Differential outcrossing rates in dispersing and non-dispersing achenes inthe heterocarpic plant Crepis sancta (Asteraceae)

Citation
Po. Cheptou et al., Differential outcrossing rates in dispersing and non-dispersing achenes inthe heterocarpic plant Crepis sancta (Asteraceae), EVOL ECOL, 15(1), 2001, pp. 1-13
Citations number
39
Language
INGLESE
art.tipo
Article
Categorie Soggetti
Environment/Ecology
Journal title
EVOLUTIONARY ECOLOGY
ISSN journal
0269-7653 → ACNP
Volume
15
Issue
1
Year of publication
2001
Pages
1 - 13
Database
ISI
SICI code
0269-7653(2001)15:1<1:DORIDA>2.0.ZU;2-G
Abstract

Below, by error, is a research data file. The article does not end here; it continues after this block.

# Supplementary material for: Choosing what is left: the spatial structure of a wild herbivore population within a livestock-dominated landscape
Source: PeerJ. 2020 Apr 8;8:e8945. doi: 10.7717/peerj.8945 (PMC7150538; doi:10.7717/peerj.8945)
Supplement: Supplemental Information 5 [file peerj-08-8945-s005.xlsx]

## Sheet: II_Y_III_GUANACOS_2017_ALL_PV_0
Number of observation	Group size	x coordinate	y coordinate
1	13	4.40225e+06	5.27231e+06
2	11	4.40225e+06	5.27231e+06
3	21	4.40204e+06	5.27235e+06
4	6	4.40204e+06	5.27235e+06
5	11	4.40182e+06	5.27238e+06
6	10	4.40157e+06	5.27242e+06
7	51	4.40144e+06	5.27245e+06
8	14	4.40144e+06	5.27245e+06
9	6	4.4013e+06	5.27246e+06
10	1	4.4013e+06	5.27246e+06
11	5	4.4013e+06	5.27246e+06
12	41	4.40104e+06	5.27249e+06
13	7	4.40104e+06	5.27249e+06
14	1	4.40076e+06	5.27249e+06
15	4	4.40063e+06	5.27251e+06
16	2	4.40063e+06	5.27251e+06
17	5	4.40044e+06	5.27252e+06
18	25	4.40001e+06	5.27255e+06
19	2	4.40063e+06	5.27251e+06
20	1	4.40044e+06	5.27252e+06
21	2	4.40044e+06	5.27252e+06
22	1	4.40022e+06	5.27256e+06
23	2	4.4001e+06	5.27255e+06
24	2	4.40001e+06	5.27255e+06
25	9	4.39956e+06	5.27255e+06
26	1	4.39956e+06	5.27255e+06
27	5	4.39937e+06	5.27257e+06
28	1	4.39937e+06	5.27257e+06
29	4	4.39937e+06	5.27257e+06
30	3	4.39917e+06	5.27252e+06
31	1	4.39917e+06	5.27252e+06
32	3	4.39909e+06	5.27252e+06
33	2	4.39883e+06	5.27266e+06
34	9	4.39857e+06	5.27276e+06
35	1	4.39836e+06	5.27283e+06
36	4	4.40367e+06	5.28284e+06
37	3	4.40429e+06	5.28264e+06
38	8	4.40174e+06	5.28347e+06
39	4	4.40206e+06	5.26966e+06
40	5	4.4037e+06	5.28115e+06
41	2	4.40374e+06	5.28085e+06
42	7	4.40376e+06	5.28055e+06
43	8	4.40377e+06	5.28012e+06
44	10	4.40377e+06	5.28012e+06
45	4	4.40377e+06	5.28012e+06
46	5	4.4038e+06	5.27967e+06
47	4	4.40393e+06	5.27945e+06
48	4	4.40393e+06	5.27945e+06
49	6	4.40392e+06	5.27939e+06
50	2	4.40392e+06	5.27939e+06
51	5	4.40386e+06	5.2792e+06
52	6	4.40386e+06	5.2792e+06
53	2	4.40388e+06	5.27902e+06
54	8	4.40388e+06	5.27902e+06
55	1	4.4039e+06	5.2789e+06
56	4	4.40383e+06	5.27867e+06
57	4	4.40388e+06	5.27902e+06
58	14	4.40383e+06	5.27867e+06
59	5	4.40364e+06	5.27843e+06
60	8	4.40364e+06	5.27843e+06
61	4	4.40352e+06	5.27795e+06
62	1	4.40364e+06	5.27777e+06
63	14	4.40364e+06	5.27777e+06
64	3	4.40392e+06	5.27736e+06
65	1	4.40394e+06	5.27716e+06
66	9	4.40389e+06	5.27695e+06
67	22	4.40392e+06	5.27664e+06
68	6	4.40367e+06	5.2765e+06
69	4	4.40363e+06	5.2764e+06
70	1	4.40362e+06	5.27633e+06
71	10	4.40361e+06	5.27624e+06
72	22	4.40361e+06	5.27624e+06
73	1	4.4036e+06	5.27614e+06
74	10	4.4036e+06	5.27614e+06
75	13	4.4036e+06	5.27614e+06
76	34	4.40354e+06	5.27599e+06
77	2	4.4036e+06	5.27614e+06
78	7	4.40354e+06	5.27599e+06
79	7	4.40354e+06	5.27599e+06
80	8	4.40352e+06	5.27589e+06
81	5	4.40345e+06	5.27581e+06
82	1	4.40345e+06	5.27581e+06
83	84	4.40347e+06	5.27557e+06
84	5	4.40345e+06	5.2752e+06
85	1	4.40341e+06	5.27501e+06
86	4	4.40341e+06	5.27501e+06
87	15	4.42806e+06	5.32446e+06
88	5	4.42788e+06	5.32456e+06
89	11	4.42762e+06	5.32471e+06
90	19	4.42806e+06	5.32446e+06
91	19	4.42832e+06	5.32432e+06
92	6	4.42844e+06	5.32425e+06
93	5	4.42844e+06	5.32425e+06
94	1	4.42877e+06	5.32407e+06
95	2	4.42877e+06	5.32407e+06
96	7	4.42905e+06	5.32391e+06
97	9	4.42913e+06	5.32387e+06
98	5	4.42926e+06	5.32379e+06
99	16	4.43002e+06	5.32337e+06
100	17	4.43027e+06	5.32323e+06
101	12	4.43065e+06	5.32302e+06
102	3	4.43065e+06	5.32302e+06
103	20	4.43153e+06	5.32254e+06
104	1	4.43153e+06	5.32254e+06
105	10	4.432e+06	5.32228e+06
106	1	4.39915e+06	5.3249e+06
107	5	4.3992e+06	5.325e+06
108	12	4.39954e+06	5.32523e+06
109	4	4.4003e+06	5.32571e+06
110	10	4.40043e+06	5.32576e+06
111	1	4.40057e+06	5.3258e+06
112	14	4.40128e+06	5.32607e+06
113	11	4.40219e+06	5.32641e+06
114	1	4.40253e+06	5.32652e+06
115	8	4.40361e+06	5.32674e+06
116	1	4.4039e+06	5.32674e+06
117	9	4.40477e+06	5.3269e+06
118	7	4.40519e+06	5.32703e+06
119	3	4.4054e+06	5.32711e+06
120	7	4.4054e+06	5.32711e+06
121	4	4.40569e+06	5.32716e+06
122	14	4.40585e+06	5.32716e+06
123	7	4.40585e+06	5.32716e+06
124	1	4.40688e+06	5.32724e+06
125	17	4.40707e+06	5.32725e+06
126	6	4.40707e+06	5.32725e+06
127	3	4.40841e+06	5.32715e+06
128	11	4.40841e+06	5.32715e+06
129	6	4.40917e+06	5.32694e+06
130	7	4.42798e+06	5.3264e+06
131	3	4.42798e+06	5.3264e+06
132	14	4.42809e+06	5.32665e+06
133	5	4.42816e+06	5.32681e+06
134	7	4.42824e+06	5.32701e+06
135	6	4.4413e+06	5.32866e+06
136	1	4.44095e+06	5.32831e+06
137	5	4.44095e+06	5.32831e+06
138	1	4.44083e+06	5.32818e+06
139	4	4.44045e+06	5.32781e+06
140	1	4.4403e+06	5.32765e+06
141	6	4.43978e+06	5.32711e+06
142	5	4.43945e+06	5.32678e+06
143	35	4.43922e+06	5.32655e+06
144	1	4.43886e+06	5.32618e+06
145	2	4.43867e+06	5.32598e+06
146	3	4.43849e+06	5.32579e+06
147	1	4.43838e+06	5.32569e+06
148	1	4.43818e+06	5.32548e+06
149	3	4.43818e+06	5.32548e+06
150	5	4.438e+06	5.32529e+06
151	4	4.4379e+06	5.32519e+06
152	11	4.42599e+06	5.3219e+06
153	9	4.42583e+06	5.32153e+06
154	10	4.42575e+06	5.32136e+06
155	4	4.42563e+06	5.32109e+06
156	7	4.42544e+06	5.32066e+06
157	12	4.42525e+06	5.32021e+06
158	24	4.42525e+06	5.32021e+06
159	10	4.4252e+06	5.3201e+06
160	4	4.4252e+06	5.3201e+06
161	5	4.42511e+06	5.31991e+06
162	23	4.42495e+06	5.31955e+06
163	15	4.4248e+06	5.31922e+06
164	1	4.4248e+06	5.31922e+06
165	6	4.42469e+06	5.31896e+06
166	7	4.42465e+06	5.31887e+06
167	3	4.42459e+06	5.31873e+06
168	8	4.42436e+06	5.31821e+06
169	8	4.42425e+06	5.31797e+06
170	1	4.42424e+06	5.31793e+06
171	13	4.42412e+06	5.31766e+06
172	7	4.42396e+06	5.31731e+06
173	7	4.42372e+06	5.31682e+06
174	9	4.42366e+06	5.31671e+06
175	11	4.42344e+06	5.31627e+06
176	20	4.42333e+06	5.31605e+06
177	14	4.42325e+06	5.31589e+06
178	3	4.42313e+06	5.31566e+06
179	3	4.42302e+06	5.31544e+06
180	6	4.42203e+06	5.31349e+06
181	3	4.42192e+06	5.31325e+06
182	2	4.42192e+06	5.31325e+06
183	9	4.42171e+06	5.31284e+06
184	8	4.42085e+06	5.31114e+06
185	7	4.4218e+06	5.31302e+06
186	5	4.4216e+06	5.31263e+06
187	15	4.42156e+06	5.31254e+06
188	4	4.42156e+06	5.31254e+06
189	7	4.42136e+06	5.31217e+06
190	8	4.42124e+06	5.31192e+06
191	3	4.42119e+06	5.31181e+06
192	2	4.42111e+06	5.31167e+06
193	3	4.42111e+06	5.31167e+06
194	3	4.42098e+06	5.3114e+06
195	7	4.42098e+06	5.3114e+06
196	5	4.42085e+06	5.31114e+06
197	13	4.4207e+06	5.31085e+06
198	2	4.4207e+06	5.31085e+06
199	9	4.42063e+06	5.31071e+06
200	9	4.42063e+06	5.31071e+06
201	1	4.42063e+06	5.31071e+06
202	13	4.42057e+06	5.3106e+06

The association between mating systems and dispersal in plants has been stu died mostly in cleistogamous species where, generally, seeds produced by cl eistogamous (selfed) flowers are less dispersed than seeds produced by chas mogamous (potentially outcrossed) flowers. In heterocarpic Asteraceae, non- dispersing fruits (achenes) are produced at the periphery of the capitulum (outer florets) whereas dispersing achenes are produced by inner florets in the same capitulum. Since all the florets are protandrous, the outer flore t developing first are in female phasis when anthesis of inner florets take s place. Thus, outer florets can be potentially selfed by the inner florets of the same capitulum whereas the latter must be pollinated by flowers of other capitula. Therefore outer florets should be more inbred than inner fl orets. To test this hypothesis, we measured the natural outcrossing rate in outer and inner florets using allozymes in three populations of the hetero carpic Crepis sancta. The results showed that the outcrossing rate was high est for non-dispersed achenes. Moreover, among the outcrossed achenes withi n a capitulum it was observed that the number of paternal parents of non-di spersing achenes was higher than for dispersing achenes. The pattern observ ed was therefore the opposite to the pattern of cleistogamous plants and co ntradicts the putative pollination mechanism we proposed for Asteraceae. Th e results agree with the predictions of sib competition theory which consid ers that outcrossing may minimize competitive interactions among relatives (sibs) falling near the mother plant. Higher outcrossing rate in outer flor ets could also occur because pollinators are more attracted to these floret s.